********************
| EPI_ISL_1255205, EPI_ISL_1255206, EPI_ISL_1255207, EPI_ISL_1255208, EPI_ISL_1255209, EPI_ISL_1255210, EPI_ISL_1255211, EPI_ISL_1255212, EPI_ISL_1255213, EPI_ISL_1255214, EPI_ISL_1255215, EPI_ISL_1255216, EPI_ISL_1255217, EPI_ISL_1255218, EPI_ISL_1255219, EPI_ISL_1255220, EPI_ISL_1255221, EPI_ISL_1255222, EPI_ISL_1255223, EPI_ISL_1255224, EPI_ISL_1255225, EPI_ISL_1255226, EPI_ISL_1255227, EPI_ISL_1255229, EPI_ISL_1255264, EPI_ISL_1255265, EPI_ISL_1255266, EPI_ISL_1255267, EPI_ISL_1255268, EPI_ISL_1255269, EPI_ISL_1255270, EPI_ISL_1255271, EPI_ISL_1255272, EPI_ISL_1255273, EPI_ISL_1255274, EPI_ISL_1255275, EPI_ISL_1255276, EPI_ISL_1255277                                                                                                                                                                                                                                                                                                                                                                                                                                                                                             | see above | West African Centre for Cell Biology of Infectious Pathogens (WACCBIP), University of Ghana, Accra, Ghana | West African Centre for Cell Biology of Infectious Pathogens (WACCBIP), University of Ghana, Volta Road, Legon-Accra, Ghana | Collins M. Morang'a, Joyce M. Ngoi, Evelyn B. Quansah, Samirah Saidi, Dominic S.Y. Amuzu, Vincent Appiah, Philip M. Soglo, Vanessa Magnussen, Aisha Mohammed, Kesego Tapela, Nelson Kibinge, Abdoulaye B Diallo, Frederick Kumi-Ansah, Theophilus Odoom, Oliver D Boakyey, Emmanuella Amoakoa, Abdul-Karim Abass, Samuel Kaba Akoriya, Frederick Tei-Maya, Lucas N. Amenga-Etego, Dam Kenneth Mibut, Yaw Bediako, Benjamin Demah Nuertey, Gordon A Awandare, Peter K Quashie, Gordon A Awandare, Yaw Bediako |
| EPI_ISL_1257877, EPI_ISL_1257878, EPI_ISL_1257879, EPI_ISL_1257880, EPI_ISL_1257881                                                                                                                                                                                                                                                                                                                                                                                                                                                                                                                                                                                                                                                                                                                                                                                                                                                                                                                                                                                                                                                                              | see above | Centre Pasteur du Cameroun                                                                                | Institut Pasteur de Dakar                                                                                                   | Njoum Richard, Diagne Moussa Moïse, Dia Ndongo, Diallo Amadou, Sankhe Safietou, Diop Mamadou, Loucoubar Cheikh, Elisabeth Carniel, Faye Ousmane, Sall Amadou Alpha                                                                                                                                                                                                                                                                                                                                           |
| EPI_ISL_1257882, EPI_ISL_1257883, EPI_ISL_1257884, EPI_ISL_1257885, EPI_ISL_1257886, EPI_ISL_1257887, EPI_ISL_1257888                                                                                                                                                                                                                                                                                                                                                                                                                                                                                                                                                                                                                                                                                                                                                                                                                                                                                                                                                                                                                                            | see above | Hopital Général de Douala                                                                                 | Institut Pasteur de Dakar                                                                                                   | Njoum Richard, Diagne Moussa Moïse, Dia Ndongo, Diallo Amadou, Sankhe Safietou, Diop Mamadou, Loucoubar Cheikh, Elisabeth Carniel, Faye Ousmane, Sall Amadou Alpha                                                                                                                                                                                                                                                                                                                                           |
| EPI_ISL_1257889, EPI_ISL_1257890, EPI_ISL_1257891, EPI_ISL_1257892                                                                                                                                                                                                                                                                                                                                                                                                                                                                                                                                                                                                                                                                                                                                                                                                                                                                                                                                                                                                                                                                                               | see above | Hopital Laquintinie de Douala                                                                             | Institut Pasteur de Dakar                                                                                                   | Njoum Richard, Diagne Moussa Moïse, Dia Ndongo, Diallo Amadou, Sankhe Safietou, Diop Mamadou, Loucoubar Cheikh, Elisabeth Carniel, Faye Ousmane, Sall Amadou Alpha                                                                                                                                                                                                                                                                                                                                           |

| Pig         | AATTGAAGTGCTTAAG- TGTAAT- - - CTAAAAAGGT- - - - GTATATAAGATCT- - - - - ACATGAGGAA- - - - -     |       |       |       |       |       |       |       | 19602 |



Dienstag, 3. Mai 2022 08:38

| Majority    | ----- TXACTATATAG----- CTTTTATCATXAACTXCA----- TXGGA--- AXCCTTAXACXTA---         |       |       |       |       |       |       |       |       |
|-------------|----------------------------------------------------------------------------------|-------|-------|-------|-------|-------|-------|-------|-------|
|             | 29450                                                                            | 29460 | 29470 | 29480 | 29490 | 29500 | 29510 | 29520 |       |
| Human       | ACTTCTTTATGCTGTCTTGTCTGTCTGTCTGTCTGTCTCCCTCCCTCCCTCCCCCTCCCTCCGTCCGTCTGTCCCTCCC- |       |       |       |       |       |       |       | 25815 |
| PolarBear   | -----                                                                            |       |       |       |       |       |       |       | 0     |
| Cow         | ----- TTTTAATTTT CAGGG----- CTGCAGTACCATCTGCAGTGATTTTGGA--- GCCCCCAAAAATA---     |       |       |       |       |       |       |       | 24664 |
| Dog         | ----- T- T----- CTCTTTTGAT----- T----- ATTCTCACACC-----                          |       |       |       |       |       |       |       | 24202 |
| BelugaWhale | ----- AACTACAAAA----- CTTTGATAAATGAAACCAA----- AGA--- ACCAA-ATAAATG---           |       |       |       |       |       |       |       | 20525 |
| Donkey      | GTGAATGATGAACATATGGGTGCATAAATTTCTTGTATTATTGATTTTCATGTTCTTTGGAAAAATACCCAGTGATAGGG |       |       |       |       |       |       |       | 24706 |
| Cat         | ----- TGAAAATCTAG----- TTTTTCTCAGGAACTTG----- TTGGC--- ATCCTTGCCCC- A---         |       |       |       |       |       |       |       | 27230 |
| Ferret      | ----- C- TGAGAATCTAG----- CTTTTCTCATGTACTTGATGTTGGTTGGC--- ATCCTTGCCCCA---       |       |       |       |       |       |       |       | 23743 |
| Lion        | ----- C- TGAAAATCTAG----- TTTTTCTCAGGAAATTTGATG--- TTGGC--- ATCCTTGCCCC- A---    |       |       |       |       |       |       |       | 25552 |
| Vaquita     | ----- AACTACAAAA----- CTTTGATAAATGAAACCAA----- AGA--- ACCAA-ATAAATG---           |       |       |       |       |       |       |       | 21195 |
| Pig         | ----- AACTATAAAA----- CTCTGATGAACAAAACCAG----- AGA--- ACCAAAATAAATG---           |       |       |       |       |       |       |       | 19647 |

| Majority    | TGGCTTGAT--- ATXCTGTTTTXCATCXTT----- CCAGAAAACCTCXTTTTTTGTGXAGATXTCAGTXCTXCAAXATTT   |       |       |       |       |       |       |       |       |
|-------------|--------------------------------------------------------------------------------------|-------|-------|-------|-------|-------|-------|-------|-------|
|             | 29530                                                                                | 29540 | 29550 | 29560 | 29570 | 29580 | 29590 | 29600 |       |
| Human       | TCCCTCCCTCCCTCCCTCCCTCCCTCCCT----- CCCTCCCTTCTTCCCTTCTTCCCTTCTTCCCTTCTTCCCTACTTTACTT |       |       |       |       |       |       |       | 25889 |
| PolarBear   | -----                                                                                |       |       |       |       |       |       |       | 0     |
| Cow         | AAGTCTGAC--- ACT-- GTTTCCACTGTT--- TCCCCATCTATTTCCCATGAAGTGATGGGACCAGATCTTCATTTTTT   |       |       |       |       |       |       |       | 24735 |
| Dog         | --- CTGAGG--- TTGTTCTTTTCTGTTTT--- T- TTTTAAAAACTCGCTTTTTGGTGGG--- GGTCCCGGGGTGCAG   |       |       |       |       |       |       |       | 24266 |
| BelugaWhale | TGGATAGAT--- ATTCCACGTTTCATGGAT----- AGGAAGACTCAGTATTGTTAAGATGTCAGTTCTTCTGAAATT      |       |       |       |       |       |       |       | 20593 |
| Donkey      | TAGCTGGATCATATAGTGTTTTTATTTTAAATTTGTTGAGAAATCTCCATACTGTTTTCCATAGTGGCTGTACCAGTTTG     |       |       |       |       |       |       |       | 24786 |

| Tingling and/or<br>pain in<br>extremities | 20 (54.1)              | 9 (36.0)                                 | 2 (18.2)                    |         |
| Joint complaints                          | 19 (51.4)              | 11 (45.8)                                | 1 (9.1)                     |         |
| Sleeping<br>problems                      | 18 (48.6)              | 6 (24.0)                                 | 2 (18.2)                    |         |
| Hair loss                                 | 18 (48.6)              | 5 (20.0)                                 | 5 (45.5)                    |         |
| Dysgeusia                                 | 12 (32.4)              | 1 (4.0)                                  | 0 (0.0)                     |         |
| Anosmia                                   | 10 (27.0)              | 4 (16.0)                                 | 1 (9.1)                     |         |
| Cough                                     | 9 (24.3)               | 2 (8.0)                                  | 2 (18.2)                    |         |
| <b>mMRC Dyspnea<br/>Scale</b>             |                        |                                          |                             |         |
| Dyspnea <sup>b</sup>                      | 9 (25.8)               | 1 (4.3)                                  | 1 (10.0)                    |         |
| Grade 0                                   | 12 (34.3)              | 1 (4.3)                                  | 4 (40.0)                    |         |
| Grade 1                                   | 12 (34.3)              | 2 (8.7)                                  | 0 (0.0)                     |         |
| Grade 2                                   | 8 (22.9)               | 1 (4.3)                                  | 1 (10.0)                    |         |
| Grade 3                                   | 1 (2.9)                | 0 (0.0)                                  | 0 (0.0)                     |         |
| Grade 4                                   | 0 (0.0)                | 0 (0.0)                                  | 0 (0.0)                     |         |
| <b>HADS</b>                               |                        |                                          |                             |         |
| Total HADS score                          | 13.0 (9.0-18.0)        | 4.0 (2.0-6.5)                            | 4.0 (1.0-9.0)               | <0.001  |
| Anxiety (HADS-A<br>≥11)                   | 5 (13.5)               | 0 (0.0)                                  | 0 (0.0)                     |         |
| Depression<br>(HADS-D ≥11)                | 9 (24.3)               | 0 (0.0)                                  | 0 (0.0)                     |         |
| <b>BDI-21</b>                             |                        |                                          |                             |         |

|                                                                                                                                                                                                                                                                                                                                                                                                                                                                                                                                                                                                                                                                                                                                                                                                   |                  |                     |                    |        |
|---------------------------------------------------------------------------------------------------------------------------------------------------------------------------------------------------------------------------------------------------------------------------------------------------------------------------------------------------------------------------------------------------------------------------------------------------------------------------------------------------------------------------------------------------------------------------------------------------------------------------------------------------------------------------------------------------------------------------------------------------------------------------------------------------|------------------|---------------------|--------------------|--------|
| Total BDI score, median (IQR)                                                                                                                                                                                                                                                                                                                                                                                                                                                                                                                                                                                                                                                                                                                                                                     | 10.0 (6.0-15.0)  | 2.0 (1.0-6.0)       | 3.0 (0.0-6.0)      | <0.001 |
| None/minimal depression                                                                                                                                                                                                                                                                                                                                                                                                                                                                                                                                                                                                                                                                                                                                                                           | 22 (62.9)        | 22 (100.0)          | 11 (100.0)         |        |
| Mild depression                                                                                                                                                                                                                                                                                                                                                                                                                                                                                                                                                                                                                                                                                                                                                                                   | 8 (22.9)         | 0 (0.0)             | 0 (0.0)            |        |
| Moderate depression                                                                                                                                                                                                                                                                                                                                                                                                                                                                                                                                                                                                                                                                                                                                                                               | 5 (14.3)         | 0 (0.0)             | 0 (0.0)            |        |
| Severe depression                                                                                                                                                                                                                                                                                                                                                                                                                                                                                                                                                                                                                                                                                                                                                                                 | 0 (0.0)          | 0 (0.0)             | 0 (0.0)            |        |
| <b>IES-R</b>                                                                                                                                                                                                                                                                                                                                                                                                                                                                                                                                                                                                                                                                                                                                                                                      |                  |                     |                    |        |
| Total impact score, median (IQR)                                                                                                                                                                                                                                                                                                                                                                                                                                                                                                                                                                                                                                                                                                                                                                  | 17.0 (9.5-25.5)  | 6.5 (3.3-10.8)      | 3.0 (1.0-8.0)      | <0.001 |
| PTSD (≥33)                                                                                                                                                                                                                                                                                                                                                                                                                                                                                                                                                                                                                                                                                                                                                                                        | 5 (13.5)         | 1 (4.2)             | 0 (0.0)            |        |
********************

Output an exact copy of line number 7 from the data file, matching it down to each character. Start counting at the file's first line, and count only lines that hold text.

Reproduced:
| Majority    | ----- TXACTATATAG----- CTTTTATCATXAACTXCA----- TXGGA--- AXCCTTAXACXTA---         |       |       |       |       |       |       |       |       |